The A to Z of LGBT+ Terminology

Understanding what each term under the LGBT+ umbrella means can help you feel comfortable in your identity and help you be a better ally for your friends and family.

 

There are lots of terms under the LGBT+ umbrella (that’s what the plus is for!) and while it can be a little confusing, the best thing you can do is to educate yourself. Understanding all the terms can help you better understand your identity and help you be a better ally (supportive friend) to any of your loved ones who identify anywhere on the LGBT+ spectrum.

We’re taking a look at everything from the well-known to the not so known terms. (Okay so it’s more like A to T!)

Aromantic: This is a person who experiences a lack of romantic attraction or a lack of interest in forming romantic relationships.

Asexual: Sometimes called Ace, this is an individual who does not experience sexual attraction or experiences such a low level of sexual attraction that they do not consider it to be notable. Like any other sexuality, asexuality is diverse, and each individual may experience asexuality differently. Asexuality exists on a spectrum which means that it includes people who experience no sexual attraction to those who experience low levels and only after significant amounts of time.

Bisexual: You’ve probably heard a lot about bisexuality. Most commonly, bisexuality is seen as an attraction to two genders, usually male and female. Some individuals who identify as bisexual are sexually and/or emotionally attracted to more than one gender but only form relationships with one. Another commonly used definition is that bisexuality is a sexual attraction towards the same gender, and gender(s) different than your own. This attraction does not have to be equally split or indicate a level of interest that is the same across the genders or sexes an individual may be attracted to. Many celebs including Lady Gaga and Megan Fox are openly bisexual.

 

Cisgender: This is a term for people whose gender identity matches the sex that they were assigned at birth. Someone who is not transgender or non-binary, this is sometimes referred to as Cis.

Gay: Gay is used as an umbrella for anyone who is sexually or romantically attracted to someone of the same gender. The second definition is used to exclusively refer to someone who is male-identified, who is romantically or sexually attracted to other male-identified individuals.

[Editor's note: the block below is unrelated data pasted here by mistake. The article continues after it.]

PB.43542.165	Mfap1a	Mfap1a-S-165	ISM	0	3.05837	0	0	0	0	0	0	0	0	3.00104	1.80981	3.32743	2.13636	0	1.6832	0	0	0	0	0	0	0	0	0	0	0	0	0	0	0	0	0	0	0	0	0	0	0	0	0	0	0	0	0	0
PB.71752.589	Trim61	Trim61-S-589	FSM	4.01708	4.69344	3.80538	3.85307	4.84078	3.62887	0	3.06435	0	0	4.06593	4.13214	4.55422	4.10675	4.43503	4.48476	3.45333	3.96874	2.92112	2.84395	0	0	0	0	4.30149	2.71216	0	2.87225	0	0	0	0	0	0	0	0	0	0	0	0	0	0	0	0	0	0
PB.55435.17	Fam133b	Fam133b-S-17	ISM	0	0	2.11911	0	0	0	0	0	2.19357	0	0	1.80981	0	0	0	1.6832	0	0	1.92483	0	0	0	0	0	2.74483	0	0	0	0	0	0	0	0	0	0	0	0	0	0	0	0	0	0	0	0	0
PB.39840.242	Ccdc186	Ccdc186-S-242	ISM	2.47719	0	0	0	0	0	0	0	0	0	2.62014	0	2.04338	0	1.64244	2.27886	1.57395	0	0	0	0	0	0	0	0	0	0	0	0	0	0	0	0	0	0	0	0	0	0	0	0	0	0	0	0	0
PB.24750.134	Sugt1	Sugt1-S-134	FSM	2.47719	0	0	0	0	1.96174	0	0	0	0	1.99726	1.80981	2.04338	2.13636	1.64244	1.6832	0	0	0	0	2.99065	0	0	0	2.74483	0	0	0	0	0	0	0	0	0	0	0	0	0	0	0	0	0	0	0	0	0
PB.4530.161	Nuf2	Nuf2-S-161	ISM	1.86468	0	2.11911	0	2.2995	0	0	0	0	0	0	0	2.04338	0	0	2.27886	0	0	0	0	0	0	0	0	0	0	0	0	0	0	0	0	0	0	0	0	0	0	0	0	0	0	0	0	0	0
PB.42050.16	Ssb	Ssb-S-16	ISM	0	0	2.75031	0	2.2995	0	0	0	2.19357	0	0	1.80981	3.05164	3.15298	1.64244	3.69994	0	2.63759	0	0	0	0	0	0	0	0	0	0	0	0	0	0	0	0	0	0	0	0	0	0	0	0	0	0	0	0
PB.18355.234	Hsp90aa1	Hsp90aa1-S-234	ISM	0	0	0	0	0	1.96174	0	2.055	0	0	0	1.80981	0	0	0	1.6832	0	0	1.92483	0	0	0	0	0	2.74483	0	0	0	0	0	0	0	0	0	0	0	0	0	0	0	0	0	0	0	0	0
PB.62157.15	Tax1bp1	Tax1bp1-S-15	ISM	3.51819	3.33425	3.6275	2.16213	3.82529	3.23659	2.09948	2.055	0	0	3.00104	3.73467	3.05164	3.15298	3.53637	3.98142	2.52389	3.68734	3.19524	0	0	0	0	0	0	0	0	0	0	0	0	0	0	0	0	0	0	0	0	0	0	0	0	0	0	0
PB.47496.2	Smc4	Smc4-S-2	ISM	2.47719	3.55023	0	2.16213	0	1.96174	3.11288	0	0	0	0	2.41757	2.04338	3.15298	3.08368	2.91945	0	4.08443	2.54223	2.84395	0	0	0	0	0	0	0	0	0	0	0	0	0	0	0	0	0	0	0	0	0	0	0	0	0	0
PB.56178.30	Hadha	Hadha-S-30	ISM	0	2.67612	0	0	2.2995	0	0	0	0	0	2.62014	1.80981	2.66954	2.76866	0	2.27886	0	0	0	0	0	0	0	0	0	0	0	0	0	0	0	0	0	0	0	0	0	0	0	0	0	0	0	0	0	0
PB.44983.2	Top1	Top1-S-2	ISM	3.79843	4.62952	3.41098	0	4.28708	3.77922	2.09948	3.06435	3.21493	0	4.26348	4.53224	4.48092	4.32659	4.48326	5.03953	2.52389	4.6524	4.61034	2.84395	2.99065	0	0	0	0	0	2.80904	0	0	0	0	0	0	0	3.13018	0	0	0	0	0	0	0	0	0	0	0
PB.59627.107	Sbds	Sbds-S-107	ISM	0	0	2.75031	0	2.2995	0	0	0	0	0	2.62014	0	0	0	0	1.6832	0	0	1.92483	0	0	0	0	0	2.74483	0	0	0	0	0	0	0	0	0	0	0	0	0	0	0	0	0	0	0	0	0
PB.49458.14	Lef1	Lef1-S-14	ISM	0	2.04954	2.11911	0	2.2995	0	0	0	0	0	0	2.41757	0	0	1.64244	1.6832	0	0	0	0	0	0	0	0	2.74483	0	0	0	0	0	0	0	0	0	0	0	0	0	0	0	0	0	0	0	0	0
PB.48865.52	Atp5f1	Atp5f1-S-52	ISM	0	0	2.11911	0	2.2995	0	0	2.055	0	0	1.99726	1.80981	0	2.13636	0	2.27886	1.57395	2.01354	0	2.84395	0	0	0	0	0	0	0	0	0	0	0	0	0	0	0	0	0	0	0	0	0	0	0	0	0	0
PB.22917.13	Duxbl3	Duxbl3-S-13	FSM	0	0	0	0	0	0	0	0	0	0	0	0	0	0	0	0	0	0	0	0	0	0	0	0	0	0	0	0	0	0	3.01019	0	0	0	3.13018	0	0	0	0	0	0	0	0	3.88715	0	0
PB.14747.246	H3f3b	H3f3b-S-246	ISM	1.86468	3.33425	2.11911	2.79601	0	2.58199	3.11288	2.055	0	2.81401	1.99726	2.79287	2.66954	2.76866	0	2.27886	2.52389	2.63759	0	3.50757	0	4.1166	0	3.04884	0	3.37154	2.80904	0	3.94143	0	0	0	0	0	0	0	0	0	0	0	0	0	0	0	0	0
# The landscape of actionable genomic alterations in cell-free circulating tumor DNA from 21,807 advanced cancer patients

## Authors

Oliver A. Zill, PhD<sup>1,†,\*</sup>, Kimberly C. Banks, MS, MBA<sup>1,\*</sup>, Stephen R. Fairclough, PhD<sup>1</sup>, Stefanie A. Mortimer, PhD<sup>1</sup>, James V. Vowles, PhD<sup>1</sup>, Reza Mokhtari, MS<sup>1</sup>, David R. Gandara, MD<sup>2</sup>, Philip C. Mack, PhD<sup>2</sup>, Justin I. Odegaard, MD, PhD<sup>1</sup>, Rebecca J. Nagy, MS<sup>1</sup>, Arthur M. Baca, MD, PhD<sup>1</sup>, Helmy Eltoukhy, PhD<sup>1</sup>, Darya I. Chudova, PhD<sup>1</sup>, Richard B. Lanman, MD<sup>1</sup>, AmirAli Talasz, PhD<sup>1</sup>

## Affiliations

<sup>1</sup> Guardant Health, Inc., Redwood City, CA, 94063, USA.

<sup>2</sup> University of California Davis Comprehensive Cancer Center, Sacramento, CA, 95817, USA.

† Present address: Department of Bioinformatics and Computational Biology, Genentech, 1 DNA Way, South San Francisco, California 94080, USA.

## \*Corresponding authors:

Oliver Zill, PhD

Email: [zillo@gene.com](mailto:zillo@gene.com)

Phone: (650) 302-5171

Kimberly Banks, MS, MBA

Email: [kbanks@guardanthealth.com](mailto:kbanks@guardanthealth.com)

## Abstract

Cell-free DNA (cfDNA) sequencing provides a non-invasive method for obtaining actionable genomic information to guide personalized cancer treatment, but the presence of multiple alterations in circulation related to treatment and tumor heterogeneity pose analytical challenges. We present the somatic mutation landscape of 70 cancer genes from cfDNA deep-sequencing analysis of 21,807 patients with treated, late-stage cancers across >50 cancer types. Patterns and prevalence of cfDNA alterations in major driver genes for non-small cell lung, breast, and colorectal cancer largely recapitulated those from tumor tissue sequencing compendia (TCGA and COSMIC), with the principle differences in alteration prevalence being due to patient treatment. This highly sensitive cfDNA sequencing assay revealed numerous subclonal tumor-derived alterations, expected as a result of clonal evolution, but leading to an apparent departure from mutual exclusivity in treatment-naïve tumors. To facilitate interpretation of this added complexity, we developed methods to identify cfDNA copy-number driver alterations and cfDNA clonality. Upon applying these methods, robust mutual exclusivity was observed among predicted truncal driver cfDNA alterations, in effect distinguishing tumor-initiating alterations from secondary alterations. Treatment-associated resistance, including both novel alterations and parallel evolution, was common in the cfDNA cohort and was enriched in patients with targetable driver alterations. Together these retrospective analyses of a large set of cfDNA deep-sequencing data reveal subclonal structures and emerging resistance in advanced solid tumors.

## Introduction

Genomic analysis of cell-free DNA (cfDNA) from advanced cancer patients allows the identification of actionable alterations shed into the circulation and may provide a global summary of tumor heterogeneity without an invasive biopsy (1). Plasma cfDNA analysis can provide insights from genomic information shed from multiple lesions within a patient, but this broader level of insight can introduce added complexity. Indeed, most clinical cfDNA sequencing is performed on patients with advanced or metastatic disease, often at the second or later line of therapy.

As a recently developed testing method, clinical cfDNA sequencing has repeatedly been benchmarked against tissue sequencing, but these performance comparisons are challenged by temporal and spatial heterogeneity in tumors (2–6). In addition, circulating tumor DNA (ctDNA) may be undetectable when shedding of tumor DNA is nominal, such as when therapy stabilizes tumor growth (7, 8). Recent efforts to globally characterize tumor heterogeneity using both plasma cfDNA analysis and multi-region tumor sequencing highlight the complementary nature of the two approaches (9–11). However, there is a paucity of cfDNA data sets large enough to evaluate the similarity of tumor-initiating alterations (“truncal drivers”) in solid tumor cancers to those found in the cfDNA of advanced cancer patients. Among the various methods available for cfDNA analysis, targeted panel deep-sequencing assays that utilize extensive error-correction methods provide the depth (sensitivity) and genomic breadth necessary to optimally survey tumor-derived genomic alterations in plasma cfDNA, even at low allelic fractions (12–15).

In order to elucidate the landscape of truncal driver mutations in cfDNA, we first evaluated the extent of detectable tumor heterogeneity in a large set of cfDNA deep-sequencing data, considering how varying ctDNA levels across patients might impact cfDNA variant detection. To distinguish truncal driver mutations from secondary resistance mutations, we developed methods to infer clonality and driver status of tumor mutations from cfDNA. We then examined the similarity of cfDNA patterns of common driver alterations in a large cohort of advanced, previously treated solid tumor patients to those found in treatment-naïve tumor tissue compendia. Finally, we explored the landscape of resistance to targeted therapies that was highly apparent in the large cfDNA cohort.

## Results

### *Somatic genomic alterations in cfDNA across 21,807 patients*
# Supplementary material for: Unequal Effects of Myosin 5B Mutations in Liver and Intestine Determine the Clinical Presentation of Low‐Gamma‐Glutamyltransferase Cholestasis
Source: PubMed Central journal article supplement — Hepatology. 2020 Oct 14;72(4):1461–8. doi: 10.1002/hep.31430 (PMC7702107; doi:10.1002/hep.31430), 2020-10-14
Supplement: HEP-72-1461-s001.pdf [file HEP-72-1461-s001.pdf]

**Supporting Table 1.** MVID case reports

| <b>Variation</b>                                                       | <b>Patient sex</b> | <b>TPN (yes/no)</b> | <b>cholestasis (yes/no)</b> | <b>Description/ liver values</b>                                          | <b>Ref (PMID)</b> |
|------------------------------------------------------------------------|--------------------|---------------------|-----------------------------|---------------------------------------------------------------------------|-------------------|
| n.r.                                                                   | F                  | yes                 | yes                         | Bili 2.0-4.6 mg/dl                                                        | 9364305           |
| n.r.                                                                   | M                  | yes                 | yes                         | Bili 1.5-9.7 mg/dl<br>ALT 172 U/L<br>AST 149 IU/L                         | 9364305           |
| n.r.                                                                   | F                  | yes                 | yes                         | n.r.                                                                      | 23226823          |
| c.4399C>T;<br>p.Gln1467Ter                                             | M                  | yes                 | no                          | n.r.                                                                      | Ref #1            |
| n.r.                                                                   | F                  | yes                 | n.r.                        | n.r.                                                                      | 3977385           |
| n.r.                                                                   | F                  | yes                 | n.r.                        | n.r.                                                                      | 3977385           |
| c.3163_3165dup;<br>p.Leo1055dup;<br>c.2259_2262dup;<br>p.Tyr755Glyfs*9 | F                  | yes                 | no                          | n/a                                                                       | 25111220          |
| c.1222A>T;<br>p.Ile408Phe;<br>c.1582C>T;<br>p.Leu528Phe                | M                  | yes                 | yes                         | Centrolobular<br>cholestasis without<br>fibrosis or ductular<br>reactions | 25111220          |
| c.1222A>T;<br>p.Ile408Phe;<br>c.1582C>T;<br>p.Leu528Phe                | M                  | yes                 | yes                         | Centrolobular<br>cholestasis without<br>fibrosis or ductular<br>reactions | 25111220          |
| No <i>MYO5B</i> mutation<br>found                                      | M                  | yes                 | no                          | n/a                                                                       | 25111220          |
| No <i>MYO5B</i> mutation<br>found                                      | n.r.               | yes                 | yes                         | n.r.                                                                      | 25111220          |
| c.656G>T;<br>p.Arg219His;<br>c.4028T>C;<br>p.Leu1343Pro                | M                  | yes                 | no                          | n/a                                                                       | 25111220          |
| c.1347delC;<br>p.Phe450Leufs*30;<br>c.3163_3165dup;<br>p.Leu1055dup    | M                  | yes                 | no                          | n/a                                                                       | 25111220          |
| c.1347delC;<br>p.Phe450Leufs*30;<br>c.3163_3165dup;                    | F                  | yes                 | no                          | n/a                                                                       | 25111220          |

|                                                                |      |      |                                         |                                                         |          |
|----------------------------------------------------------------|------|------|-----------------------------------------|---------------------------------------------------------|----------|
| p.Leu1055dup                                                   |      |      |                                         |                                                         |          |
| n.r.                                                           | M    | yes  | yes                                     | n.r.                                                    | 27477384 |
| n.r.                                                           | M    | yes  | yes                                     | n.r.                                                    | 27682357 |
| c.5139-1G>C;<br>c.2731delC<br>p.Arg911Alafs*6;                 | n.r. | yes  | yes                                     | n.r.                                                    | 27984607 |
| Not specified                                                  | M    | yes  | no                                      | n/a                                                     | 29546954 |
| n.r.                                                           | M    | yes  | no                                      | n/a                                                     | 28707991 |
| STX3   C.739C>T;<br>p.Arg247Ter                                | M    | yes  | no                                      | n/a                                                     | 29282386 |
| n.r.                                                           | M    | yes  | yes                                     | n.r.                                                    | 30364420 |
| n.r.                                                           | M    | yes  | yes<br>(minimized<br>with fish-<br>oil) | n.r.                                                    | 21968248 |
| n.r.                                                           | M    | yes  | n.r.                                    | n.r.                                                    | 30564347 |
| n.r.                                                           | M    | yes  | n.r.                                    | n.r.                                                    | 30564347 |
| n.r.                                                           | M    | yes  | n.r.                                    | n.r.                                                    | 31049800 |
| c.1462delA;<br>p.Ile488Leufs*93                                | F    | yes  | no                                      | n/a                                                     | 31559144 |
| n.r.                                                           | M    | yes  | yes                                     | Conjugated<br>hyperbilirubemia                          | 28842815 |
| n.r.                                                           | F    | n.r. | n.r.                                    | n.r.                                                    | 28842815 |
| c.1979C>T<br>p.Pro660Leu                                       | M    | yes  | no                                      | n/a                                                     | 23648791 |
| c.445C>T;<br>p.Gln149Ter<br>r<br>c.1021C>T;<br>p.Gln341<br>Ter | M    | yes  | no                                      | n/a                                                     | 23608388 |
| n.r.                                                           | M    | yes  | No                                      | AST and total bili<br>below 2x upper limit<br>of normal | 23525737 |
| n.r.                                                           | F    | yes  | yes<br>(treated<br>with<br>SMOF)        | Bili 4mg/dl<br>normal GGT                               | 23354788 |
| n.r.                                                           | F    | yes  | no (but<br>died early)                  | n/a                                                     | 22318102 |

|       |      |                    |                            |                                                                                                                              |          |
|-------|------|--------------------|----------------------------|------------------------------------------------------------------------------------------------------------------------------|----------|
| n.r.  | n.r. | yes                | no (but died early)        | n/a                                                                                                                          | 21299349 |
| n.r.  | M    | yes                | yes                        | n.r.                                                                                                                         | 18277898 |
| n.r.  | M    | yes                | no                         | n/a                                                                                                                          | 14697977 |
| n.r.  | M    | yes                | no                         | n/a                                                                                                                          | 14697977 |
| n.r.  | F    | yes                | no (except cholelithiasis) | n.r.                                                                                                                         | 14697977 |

Heterosexuality: This is a sexual attraction to the ‘opposing’ sex/gender. Typically this means a female/women attracted to male/men, and vice versa. Also known as straight.

Intersex: People who are born with variations in their sexual anatomy or their hormonal patterns, variations that are not seen as fitting in with typical male or female bodies.

Lesbian: A female-identified person who is sexually and/or romantically attracted to other female-identified individuals.

Non-binary: People whose gender identity is not exclusively male or female. Some non-binary people use they/them pronouns. Sam Smith recently spoke out about being non-binary and uses they/them pronouns.

Pansexual: Pansexuality is a sexual orientation used to describe an individual who feels they are sexually and/or romantically attracted to all genders, based on an individual’s personality. Miley Cyrus has regularly spoken out about being pansexual. Kesha and Bella Thorne are also pansexual.

Miley Cyrus

Queer: This is an umbrella term for anyone who is not heterosexual, gender-binary and/or heteronormative.

Questioning: an individual who is unsure about or is exploring their own sexual orientation or gender identity.

Transgender: People whose gender identity differs from the sex they were given at birth. Trans+ includes non-binary people. Well-known trans people include Orange Is The New Black actress Laverne Cox and Caitlyn Jenner and Theo Germaine from Netflix show The Politician.

Of course, the LGBT+ spectrum includes many more identities and some people may feel they belong to one catergory and later feel more comfortable with a different.

If you’d like more information you can check out lgbt.ie who we spoke to about this article.


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